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SET VISIT: Welcome to Fright Night...for real! (Part 3)

08.03.2011by: Jake Dee


The third section of my set visit featured interviews with people behind the scenes: producer Mike De Luca, producer Alison Rosenzweig and legendary makeup/FX man Howard Berger. A lot of interesting things they had to say. Check it out!


Q: How hard was this project to get off the ground?

MD: This one wasn't hard at all, oddly enough. It got set up, developed, and into production on the inside of seven months I think even, so it this was really fast. Things don't usually go this fast.

Q: Which is a testament to the script obviously, you can only do that with a good script.

MD: Marti's pitch and her script were really galvanizing, it's true. It came really close to...Steven loved it...and everybody goes "Oh My God Steven loved it at DreamWorks." So immediately when that response comes in, all the gates open and the angels come down and the trumpets blare, flowers grow, and we're all off to the races.

Q: What would you say fraction wise, is new and old in the movie?

MD: 25% from the original, 75% new. And most of original has to do with the premise obviously, and certain scenes are straight up homages that are in the movie. But I'd say it's like that kind of ratio.

Q: How did you get Craig (Gillespie)?

MD: Craig was in the lobby at DreamWorks and I think he asked Stacy Snyder "what do you have that you're excited about?" and they started talking about the script. And then I had a subsequent conversation with him. He was, for whatever reason of his own, was coming off a period in his career where he really wanted to explore darker material. He was very influenced and kind of affected by NO COUNTRY FOR OLD MEN and was talking about this kind of pallet and this kind of lighting, and this kind of story content. He was just kind of up for something dark or darker. And again, he thought the script was really good.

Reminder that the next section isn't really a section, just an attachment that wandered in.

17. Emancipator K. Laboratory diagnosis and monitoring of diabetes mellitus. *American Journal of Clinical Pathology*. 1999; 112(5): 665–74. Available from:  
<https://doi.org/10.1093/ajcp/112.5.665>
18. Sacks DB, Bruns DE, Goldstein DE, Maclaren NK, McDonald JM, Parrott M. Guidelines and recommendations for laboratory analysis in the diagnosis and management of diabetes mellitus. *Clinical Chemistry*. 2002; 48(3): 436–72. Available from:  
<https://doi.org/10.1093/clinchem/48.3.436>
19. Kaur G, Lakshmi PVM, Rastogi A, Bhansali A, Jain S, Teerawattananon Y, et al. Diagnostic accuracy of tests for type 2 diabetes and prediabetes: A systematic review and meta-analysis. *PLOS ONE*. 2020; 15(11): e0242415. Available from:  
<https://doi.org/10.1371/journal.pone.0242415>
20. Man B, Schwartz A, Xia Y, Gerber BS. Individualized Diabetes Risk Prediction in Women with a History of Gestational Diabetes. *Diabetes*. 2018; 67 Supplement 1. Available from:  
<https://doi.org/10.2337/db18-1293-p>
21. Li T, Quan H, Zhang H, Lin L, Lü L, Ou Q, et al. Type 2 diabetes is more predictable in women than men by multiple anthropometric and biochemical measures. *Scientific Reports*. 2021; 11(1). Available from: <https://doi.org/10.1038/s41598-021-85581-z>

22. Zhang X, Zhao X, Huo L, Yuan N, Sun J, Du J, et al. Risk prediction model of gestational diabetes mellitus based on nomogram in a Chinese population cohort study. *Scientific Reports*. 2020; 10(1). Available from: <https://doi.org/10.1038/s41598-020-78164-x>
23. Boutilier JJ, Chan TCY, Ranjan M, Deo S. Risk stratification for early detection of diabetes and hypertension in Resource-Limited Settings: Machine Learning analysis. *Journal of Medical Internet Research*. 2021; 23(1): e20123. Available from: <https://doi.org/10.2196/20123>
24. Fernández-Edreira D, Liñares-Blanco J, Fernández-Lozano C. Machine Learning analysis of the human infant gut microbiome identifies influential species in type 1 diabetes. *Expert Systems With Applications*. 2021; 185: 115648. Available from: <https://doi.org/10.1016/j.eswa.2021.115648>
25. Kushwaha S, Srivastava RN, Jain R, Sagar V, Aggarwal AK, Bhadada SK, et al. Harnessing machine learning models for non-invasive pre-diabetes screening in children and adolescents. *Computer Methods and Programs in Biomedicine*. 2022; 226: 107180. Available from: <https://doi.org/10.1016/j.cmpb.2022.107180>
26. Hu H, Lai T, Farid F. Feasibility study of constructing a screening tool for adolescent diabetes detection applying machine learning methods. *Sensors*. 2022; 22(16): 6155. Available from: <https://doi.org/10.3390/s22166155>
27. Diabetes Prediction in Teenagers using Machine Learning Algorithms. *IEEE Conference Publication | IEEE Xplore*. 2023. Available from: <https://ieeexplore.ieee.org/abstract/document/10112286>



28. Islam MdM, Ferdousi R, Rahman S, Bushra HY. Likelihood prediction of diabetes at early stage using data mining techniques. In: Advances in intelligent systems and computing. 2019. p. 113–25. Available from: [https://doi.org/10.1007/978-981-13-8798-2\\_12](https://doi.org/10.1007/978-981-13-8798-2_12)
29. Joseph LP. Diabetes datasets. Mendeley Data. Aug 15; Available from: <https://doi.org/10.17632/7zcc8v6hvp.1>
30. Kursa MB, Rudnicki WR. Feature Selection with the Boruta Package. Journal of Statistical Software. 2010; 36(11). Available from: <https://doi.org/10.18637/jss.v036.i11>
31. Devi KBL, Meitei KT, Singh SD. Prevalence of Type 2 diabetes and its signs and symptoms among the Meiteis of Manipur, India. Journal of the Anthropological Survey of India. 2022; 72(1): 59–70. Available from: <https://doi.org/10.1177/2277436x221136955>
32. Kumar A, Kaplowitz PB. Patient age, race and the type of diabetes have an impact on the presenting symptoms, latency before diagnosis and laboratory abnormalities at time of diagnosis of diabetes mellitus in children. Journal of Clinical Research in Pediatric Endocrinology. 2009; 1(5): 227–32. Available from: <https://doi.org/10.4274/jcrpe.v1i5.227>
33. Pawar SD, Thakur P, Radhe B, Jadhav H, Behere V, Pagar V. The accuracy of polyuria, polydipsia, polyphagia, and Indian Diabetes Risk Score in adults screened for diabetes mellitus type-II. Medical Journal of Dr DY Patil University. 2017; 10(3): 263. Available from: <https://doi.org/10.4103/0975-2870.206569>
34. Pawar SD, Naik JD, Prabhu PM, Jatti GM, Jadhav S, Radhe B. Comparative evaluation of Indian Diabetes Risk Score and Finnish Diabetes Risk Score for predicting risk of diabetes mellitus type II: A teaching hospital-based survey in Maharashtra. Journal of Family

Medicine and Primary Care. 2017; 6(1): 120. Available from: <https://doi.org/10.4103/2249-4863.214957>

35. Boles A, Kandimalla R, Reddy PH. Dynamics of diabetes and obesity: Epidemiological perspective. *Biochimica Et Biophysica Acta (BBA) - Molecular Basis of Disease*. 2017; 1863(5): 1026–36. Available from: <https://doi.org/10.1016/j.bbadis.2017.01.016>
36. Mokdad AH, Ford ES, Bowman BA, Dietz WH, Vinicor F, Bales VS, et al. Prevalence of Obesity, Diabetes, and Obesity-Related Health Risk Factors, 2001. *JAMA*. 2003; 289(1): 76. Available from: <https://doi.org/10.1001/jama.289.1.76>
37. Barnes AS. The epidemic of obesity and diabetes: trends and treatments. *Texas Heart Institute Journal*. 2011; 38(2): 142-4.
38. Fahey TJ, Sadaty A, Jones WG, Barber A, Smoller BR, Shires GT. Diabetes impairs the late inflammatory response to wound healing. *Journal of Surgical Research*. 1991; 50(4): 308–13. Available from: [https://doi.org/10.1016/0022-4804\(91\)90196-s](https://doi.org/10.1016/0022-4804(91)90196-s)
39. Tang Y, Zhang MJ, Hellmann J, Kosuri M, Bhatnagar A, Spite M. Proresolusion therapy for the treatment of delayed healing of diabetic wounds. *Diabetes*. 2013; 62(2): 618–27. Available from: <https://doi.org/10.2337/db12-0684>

Q: Can you talk a little bit about the fact you guys are shooting in 3D and what 3D means?

MD: On this one, we thought that with some movies you notice the 3D is more friendly with like a steadicam, or a static camera, because it gives your eyes a chance to adjust. And sometimes with action films it's a challenge to keep the kind of frenetic cutting pattern that you want to keep and not give people nausea. You want people to have the time for their eyes to settle and clock the 3D. And we thought what could be neat with a horror film in 3D is that you're kind of in the frame with the people onscreen, whether you're tracking down a hallway, even though you're moving, you're still. You're not like cutting, cutting, cutting. You have a chance for the 3D to really plant you in the scene. And in horror movies it's all about dread and anticipation, so if you're in that corridor on a steadicam shot as you're moving down the hallway you really feel like you're floating into the movie because of 3D, so when you finally get the "boo" pop-out scare, you're kind of like, we think it can be that much more effective because the 3D plants you in the scene. So we thought 3D might be oddly really well suited for a traditional horror film.

Q: Was there a lot of talk of doing post-conversion or was the idea to shoot in 3D from the onset?

MD: I was campaigning for shooting in 3D because I had just come off shooting in 3D with DRIVE ANGRY, this movie for Summit with Nic Cage and I liked the results a lot. Conversion is a developing art, kind of a developing science and the price is coming down, you know, so when I went into DRIVE ANGRY the conversion was clearly more expensive than shooting in 3D, you know, depending on how you did conversion. I guess there's the CLASH (OF THE TITANS) conversion, and then there's the PIRANHA 3D conversion, but I think the conventional thinking was conversion is more expensive than shooting in 3D when I began DRIVE ANGRY. I'm not so sure when we're through with FRIGHT NIGHT that conversion and shooting won't be more competitive with each other. And conversion also depends on like how much money you're going to spend in terms of people and man hours and the artistry involved. It's picture by picture I guess, like our movie has a pretty restrained budget so it just made more sense to shoot in 3D, and I don't personally know how much you'd have to spend for a great, beautiful conversion on a cost per minute and stuff. It just felt like daunting still, but it may be less daunting after FRIGHT NIGHT comes out. I think that it's equaling out a little bit.

Q: What if 3D simmers down a bit by the time FRIGHT NIGHT hits in late 2011?